Vaccines are one of the most important public health interventions, responsible for saving thousands of lives in the United States every year. Despite this, adult vaccination rates fall well below Healthy People 2020 targets, and the estimated economic burden of vaccine-preventable diseases among adults in the United States was about $9 billion in 2015 alone.
In partnership with the Office of Infectious Disease and HIV/AIDS Policy, OIDP (formerly the National Vaccine Program Office (NVPO)), which identified low rates of adult vaccination as a national priority, OES engaged several federal agencies to build a portfolio of evidence to examine how low-cost program changes can improve vaccination rates. OES works directly with implementation entities (such as state Departments of Health and Veterans Affairs health facilities) to identify existing programs where evidence-based changes can be implemented and tested in rapid-cycle evaluations (embedded into existing operations) using random assignment.
Working with agency collaborators and delivery partners, OES has completed several randomized evaluations to test the impact of low-cost evidence-based program changes in improving vaccination uptake.
OES evaluations in this domain tested low-cost and behaviorally-informed interventions across a broad range of populations, including veterans, elderly adults, pregnant women, and schoolchildren. These evaluations included large sample sizes, in many cases over 55,000 recipients, and used administrative data to measure vaccination uptake.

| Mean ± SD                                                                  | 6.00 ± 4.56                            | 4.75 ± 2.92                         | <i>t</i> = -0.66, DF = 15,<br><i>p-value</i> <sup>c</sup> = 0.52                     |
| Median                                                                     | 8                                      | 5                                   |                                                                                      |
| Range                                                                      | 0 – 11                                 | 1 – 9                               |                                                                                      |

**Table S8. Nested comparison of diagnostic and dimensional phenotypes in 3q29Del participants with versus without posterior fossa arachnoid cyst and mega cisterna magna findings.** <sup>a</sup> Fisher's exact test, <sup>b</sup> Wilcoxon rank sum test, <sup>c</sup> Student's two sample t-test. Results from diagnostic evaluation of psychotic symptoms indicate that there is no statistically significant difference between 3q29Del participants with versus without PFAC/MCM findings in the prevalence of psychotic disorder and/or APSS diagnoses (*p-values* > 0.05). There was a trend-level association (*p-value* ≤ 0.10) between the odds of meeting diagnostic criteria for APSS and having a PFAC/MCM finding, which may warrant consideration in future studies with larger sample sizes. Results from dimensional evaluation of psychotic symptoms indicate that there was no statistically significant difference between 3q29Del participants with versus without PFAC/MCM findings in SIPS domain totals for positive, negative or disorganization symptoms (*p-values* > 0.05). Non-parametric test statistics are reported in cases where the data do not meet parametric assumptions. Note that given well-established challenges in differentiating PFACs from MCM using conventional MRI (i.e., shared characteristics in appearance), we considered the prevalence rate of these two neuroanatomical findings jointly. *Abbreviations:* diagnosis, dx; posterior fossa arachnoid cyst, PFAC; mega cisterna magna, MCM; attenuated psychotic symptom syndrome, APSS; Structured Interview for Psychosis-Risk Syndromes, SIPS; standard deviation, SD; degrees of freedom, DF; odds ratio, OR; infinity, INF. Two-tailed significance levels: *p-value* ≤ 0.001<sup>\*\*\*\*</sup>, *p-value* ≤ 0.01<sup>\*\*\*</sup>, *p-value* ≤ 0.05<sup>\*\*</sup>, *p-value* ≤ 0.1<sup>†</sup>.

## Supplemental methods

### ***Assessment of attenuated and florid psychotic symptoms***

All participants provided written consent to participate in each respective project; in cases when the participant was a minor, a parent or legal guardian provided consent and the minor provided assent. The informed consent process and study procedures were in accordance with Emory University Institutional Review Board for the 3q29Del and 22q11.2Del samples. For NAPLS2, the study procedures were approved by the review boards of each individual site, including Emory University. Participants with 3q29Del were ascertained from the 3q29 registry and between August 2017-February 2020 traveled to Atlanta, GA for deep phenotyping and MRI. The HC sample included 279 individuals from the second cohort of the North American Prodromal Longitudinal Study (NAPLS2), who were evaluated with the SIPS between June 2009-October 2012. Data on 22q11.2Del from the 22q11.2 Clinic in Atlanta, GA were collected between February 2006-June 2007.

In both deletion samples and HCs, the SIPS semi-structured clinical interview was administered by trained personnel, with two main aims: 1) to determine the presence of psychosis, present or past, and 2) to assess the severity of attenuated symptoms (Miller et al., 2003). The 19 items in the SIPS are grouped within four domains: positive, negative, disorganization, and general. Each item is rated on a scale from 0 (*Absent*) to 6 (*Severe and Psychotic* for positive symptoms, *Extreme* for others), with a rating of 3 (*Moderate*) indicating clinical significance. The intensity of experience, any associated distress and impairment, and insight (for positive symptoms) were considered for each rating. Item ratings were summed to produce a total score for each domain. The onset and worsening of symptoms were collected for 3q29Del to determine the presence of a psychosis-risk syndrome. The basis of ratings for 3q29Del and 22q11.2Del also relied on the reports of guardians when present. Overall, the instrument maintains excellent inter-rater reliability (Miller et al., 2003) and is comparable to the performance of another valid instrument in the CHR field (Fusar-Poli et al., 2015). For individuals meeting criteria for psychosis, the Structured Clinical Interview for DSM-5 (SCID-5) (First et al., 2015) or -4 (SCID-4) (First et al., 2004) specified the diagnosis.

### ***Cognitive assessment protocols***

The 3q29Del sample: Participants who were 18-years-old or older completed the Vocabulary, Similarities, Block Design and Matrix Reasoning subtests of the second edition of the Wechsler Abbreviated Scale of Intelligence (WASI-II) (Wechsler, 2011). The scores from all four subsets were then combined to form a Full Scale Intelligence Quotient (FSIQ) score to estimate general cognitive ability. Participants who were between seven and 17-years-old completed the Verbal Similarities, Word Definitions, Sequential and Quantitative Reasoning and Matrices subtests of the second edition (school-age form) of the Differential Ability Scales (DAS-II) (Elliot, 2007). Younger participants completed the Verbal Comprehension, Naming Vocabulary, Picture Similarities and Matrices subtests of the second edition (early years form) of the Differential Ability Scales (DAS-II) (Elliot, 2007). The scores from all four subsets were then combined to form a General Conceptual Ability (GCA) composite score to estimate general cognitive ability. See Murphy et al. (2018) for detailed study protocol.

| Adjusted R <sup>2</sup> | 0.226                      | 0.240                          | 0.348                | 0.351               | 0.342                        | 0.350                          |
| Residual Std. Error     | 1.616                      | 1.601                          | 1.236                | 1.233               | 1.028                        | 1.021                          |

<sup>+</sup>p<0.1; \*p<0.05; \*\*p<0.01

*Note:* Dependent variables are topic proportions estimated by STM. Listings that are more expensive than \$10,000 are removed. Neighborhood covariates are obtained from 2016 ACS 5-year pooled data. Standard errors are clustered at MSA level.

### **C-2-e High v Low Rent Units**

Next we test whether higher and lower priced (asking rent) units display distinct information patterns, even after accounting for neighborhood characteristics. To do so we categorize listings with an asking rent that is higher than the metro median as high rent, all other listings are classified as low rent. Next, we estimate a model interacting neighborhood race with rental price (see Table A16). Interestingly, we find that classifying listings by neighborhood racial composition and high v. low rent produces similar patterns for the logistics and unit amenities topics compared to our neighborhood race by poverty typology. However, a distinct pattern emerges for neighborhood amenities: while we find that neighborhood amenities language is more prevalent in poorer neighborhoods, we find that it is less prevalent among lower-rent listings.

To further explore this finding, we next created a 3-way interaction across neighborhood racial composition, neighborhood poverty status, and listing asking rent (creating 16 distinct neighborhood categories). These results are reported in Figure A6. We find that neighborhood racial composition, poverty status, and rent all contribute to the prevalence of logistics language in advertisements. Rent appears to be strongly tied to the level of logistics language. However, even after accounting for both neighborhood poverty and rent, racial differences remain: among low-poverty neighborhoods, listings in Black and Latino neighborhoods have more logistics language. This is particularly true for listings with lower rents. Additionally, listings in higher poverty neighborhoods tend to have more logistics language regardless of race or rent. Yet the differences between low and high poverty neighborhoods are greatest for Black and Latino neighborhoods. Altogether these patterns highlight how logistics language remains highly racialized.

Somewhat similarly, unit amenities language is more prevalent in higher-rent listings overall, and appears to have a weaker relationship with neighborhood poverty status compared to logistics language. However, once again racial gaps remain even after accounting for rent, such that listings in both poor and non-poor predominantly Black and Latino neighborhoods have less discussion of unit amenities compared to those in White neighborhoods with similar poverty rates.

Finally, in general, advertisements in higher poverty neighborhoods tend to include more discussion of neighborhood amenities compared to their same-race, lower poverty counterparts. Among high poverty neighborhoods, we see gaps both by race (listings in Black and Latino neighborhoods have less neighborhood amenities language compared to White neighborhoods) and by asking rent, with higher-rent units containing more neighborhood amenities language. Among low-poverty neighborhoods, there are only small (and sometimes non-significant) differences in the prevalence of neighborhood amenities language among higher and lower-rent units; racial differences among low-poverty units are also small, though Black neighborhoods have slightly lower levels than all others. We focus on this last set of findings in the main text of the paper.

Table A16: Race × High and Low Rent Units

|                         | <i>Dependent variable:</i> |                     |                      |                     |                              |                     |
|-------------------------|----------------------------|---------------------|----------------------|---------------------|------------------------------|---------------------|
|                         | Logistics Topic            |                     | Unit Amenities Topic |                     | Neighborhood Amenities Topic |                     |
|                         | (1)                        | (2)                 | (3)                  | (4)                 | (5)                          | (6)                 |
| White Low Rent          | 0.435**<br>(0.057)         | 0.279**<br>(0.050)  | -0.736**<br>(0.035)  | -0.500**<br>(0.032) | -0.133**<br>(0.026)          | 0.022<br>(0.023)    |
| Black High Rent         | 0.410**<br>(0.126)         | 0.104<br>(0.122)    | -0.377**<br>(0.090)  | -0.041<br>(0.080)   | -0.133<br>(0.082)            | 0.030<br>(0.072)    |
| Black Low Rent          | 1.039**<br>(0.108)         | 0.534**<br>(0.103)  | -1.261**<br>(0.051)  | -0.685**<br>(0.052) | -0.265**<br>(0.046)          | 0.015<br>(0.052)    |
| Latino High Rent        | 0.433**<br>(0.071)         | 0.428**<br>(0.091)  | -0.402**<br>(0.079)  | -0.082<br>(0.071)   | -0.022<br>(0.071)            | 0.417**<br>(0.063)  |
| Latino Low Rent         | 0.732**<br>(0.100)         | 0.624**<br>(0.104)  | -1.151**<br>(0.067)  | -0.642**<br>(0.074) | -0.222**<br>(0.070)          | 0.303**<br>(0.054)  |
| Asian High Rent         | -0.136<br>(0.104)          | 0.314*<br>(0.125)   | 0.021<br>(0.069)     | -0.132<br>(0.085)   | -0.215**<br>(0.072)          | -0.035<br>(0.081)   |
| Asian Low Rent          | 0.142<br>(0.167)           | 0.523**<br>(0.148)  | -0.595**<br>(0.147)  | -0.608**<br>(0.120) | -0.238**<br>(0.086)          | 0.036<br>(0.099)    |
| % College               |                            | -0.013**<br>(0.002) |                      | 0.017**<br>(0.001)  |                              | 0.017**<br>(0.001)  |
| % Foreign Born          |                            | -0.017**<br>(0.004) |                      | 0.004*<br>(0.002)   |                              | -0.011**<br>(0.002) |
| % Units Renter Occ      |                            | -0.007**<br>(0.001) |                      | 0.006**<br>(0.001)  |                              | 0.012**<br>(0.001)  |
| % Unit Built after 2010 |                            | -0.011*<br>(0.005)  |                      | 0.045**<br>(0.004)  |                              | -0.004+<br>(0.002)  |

The interventions ranged from emails, postcards, letters, or social media notifications for potential vaccine recipients, to a more formal report card of a school’s vaccination compliance rate for school administrators and a modified clinical reminder in an Electronic Health Record system. The behavioral insights used in the interventions included reminders, planning prompts, social norms messaging, persuasive appeals, and message timing variations.
What did we learn?
Together, results of these evaluations suggest that behaviorally-informed direct communications can increase vaccination rates at scale but may have smaller, less reliable effects than the published literature suggests. Two of the individual evaluations yielded significant effects: Letter reminders to Medicare beneficiaries increased the probability of influenza vaccination in 2014, and postcard reminders to older Louisiana residents in October 2017 increased uptake of four recommended vaccinations. However, the increases in these evaluations ranged from 0.27 to 0.7 percentage points, smaller than effects observed in published papers with smaller samples.
Starting in 2018, OES evaluations tested communications to providers rather than patients or intermediaries, with interventions including a change to a hospital’s electronic health record (EHR) vaccination bundling and clinical reminders. Some of this work is ongoing.
In early 2021, OES developed lessons learned from the OES portfolio to inform the COVID-19 vaccination effort.
Read our 3-page summary (PDF)